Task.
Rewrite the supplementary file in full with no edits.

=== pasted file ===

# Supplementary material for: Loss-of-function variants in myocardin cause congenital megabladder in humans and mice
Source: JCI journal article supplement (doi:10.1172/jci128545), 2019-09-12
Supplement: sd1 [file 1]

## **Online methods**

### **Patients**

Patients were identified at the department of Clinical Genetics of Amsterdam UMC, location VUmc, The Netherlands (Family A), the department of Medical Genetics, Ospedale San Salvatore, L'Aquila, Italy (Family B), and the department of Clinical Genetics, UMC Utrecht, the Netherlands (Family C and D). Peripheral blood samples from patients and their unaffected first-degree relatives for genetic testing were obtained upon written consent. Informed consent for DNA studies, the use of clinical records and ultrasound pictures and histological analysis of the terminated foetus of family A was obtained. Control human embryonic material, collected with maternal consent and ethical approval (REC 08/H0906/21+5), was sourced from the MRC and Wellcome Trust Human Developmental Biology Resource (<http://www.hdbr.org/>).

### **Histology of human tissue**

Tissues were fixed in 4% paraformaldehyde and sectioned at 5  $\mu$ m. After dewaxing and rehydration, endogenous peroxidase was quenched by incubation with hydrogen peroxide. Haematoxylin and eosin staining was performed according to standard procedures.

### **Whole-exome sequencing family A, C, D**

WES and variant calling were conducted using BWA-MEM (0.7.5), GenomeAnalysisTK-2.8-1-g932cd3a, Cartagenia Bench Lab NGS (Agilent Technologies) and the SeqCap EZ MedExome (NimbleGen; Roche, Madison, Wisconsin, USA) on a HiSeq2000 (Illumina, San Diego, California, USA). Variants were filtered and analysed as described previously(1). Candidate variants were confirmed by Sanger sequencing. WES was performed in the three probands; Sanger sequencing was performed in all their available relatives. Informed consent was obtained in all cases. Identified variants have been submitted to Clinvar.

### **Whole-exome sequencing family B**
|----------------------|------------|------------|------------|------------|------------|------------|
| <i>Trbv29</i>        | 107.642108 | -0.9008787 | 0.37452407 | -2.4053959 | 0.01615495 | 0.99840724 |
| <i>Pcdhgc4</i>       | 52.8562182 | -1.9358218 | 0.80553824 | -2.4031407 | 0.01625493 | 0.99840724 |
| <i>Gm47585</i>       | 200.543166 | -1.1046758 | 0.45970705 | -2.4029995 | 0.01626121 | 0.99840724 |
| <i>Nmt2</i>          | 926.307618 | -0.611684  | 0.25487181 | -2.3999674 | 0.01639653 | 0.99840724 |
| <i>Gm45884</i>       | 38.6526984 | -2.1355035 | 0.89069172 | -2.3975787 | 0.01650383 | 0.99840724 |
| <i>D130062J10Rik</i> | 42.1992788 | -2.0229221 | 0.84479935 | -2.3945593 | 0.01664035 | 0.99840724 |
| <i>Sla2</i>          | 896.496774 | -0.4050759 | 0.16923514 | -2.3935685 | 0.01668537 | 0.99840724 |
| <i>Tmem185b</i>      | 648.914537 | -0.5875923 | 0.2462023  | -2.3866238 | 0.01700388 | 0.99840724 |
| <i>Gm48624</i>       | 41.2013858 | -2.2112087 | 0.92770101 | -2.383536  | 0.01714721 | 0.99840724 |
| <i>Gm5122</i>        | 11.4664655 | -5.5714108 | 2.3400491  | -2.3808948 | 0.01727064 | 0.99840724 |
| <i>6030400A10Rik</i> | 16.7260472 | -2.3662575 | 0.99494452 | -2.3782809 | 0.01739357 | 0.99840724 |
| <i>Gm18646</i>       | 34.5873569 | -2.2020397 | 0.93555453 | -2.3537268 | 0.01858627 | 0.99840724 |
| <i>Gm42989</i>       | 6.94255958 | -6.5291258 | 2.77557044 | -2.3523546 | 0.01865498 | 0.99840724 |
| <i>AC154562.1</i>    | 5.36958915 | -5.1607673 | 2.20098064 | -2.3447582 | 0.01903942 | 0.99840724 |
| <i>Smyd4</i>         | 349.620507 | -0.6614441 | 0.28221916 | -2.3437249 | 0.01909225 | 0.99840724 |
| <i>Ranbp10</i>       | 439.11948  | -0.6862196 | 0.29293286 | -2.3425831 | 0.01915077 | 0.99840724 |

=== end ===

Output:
# Supplementary material for: Loss-of-function variants in myocardin cause congenital megabladder in humans and mice
Source: JCI journal article supplement (doi:10.1172/jci128545), 2019-09-12
Supplement: sd1 [file 1]

## **Online methods**

### **Patients**

Patients were identified at the department of Clinical Genetics of Amsterdam UMC, location VUmc, The Netherlands (Family A), the department of Medical Genetics, Ospedale San Salvatore, L'Aquila, Italy (Family B), and the department of Clinical Genetics, UMC Utrecht, the Netherlands (Family C and D). Peripheral blood samples from patients and their unaffected first-degree relatives for genetic testing were obtained upon written consent. Informed consent for DNA studies, the use of clinical records and ultrasound pictures and histological analysis of the terminated foetus of family A was obtained. Control human embryonic material, collected with maternal consent and ethical approval (REC 08/H0906/21+5), was sourced from the MRC and Wellcome Trust Human Developmental Biology Resource (<http://www.hdbr.org/>).

### **Histology of human tissue**

Tissues were fixed in 4% paraformaldehyde and sectioned at 5  $\mu$ m. After dewaxing and rehydration, endogenous peroxidase was quenched by incubation with hydrogen peroxide. Haematoxylin and eosin staining was performed according to standard procedures.

### **Whole-exome sequencing family A, C, D**

WES and variant calling were conducted using BWA-MEM (0.7.5), GenomeAnalysisTK-2.8-1-g932cd3a, Cartagenia Bench Lab NGS (Agilent Technologies) and the SeqCap EZ MedExome (NimbleGen; Roche, Madison, Wisconsin, USA) on a HiSeq2000 (Illumina, San Diego, California, USA). Variants were filtered and analysed as described previously(1). Candidate variants were confirmed by Sanger sequencing. WES was performed in the three probands; Sanger sequencing was performed in all their available relatives. Informed consent was obtained in all cases. Identified variants have been submitted to Clinvar.

### **Whole-exome sequencing family B**
|----------------------|------------|------------|------------|------------|------------|------------|
| <i>Trbv29</i>        | 107.642108 | -0.9008787 | 0.37452407 | -2.4053959 | 0.01615495 | 0.99840724 |
| <i>Pcdhgc4</i>       | 52.8562182 | -1.9358218 | 0.80553824 | -2.4031407 | 0.01625493 | 0.99840724 |
| <i>Gm47585</i>       | 200.543166 | -1.1046758 | 0.45970705 | -2.4029995 | 0.01626121 | 0.99840724 |
| <i>Nmt2</i>          | 926.307618 | -0.611684  | 0.25487181 | -2.3999674 | 0.01639653 | 0.99840724 |
| <i>Gm45884</i>       | 38.6526984 | -2.1355035 | 0.89069172 | -2.3975787 | 0.01650383 | 0.99840724 |
| <i>D130062J10Rik</i> | 42.1992788 | -2.0229221 | 0.84479935 | -2.3945593 | 0.01664035 | 0.99840724 |
| <i>Sla2</i>          | 896.496774 | -0.4050759 | 0.16923514 | -2.3935685 | 0.01668537 | 0.99840724 |
| <i>Tmem185b</i>      | 648.914537 | -0.5875923 | 0.2462023  | -2.3866238 | 0.01700388 | 0.99840724 |
| <i>Gm48624</i>       | 41.2013858 | -2.2112087 | 0.92770101 | -2.383536  | 0.01714721 | 0.99840724 |
| <i>Gm5122</i>        | 11.4664655 | -5.5714108 | 2.3400491  | -2.3808948 | 0.01727064 | 0.99840724 |
| <i>6030400A10Rik</i> | 16.7260472 | -2.3662575 | 0.99494452 | -2.3782809 | 0.01739357 | 0.99840724 |
| <i>Gm18646</i>       | 34.5873569 | -2.2020397 | 0.93555453 | -2.3537268 | 0.01858627 | 0.99840724 |
| <i>Gm42989</i>       | 6.94255958 | -6.5291258 | 2.77557044 | -2.3523546 | 0.01865498 | 0.99840724 |
| <i>AC154562.1</i>    | 5.36958915 | -5.1607673 | 2.20098064 | -2.3447582 | 0.01903942 | 0.99840724 |
| <i>Smyd4</i>         | 349.620507 | -0.6614441 | 0.28221916 | -2.3437249 | 0.01909225 | 0.99840724 |
| <i>Ranbp10</i>       | 439.11948  | -0.6862196 | 0.29293286 | -2.3425831 | 0.01915077 | 0.99840724 |